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Moms, take a moment to appreciate your body. It’s amazing that bodies can not only create other bodies, but then sustain them once they’ve left the womb. You are downright amazing.

Yet nursing can be just as bewildering as it is beautiful. If it’s your first time breastfeeding (or even if it's not, it can be different for each child!), it’s common to have a lot of questions. What’s normal? What’s not? How does it work? How does it affect your body?

Here are answers to four of the most common questions about breastfeeding.

What Does Breastfeeding Do To Your Body?

Breastfeeding doesn’t only concern your breasts; it’s a whole-body endeavor. It affects your bones, back, shoulders and wrists — and even your hormones.


On average, moms lose between 5-10% of their bone mass within six months of beginning to nurse. That’s because your body takes calcium from your bones to make sure your milk has enough for your little one.

Don’t panic — about six months after weaning, you’ll likely gain back your bone density. In the meantime, while you are breastfeeding, take these steps to maintain your bone health:

  • Get lots of sun. Vitamin D boosts bone density, so try to soak up the sun at least once a day. Take your baby outside for walks, or choose a sunny spot on a patio rather than sitting inside.
  • Take a calcium supplement. Look for a supplement that also contains magnesium, which will help your body absorb the extra calcium you’re giving it.
  • Eat foods high in calcium. Milk, yogurt, calcium-fortified orange juice, and dark leafy greens can all help your body replenish calcium.

Back, Shoulders and Wrists

When you’re holding your baby to nurse eight or more times a day, it’s easy to feel strain in your back, shoulders and wrists. Try these tips to minimize the stress on your muscles:

  • Hold your baby with a relaxed grip. Don’t clutch your baby tightly with your hands. Instead, try to keep baby nestled snugly in your arms while relaxing your grip. This will reduce the strain on your wrists.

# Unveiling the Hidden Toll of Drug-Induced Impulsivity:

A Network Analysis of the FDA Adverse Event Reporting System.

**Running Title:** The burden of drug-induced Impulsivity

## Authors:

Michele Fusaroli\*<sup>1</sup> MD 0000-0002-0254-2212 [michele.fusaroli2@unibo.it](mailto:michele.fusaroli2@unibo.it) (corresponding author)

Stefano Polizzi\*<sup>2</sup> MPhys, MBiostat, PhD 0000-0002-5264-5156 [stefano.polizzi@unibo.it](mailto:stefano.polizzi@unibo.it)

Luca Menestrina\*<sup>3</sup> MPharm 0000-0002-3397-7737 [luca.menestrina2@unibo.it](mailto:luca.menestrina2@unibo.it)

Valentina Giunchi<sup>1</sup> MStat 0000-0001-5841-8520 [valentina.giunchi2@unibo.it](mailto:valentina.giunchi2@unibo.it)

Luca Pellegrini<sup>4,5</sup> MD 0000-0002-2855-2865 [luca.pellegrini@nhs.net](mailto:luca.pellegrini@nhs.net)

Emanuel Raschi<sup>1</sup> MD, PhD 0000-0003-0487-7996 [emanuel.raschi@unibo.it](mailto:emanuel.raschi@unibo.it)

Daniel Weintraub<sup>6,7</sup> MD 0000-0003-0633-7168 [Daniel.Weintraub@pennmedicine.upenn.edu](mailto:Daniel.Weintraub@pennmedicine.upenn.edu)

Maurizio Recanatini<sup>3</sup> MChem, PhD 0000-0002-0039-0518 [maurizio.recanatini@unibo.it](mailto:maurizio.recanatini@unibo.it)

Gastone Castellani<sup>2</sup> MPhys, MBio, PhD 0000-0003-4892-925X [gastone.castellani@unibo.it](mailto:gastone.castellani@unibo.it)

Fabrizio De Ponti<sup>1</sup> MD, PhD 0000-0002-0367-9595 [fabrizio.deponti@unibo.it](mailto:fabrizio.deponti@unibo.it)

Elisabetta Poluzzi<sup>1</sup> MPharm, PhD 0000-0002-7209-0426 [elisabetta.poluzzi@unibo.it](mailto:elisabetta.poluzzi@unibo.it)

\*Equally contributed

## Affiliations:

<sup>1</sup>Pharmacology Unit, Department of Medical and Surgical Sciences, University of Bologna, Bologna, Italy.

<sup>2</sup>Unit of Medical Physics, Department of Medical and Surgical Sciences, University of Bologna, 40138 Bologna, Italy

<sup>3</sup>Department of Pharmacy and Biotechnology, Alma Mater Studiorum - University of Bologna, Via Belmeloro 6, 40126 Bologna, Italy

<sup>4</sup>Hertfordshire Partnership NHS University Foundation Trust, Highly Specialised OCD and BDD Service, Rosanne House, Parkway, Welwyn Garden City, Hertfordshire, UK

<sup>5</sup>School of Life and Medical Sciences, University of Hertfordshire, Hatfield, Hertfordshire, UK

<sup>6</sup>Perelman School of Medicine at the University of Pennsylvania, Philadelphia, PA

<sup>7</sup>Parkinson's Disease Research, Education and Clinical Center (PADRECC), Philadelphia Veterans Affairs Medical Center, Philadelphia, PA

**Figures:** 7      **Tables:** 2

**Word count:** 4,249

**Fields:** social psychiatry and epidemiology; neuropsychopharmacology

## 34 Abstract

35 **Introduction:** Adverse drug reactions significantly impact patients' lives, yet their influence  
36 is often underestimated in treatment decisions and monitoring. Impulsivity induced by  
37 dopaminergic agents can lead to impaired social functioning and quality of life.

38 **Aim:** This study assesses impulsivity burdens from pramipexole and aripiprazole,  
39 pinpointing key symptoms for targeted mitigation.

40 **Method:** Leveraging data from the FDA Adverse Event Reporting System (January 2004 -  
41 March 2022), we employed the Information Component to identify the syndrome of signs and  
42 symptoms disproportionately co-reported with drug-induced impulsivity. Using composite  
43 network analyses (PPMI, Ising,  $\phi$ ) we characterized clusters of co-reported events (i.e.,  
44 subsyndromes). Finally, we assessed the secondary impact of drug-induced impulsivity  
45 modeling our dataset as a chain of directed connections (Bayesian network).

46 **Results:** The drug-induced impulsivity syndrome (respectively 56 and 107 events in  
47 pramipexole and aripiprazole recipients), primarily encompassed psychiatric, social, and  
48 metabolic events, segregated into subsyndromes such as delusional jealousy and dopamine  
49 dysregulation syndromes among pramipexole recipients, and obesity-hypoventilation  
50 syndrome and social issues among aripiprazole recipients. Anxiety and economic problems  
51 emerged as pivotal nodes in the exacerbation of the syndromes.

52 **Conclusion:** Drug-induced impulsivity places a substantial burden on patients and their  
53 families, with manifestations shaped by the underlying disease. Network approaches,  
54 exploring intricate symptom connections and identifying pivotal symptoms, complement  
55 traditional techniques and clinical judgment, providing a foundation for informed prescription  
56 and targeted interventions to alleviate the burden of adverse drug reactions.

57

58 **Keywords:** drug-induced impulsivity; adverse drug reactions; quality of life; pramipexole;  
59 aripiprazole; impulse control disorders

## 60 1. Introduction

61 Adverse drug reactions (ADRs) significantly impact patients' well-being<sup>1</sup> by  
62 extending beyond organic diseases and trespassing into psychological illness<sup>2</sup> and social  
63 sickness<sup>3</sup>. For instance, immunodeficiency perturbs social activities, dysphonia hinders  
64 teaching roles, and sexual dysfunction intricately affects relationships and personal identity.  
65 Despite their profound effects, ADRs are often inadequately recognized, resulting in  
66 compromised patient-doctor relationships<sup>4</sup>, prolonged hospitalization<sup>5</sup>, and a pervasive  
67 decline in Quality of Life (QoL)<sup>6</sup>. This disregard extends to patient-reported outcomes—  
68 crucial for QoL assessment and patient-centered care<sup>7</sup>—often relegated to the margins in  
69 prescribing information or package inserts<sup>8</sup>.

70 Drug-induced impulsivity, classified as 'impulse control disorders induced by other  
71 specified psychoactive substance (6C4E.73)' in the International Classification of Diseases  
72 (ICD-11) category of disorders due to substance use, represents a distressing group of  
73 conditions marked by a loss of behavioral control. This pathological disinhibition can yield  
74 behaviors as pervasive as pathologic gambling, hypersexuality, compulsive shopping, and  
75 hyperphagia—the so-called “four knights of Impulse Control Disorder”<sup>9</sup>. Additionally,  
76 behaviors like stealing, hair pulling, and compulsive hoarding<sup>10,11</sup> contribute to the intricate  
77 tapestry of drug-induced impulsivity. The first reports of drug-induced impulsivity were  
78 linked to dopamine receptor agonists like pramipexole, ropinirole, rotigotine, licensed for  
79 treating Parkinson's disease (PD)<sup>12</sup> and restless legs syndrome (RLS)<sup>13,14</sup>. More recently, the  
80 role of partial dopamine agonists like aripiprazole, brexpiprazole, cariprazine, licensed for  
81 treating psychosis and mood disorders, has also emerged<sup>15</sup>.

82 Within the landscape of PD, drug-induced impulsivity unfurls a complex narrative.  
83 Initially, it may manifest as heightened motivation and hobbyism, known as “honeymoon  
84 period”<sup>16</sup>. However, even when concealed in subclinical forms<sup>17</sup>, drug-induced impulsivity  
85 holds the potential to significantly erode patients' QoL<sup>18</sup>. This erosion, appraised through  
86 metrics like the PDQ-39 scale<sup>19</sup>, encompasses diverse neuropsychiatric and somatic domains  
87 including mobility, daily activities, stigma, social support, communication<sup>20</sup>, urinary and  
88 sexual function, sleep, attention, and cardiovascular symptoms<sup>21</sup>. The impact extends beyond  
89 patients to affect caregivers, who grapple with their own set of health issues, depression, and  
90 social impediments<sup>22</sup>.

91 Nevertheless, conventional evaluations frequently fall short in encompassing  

• Find the right posture. There are many different breastfeeding postures, so experiment with a few different positions to find what suits you and your baby best. Whichever one you choose, have something supporting your back, and never lean forward to nurse.
  • Tone your abs. Strong abdominal muscles help protect you from back pain. While sitting or standing, try using your core muscles to slowly pull your stomach inward, then release it — with that simple exercise, you’re strengthening your abs!


Nursing causes prolactin and oxytocin to course through your body. These hormones make you feel good, and high levels of prolactin also prevent your body from ovulating and delay the return of your period. Exclusively breastfeeding can be an effective birth control method for many women in the 6 months following the birth of their child (talk to your doctor to learn more).  

When you wean your baby, your body stops producing these hormones at the same high rate. This can affect your emotions, especially if you wean suddenly. Don’t despair if you feel gloomy or moody the week after you stop breastfeeding. After weaning, it’s normal to feel down for a few weeks — but if you find you’re feeling low for longer than that, or if your emotions are interfering with your daily life, talk to a doctor.

Which Foods Should You Avoid When Breastfeeding?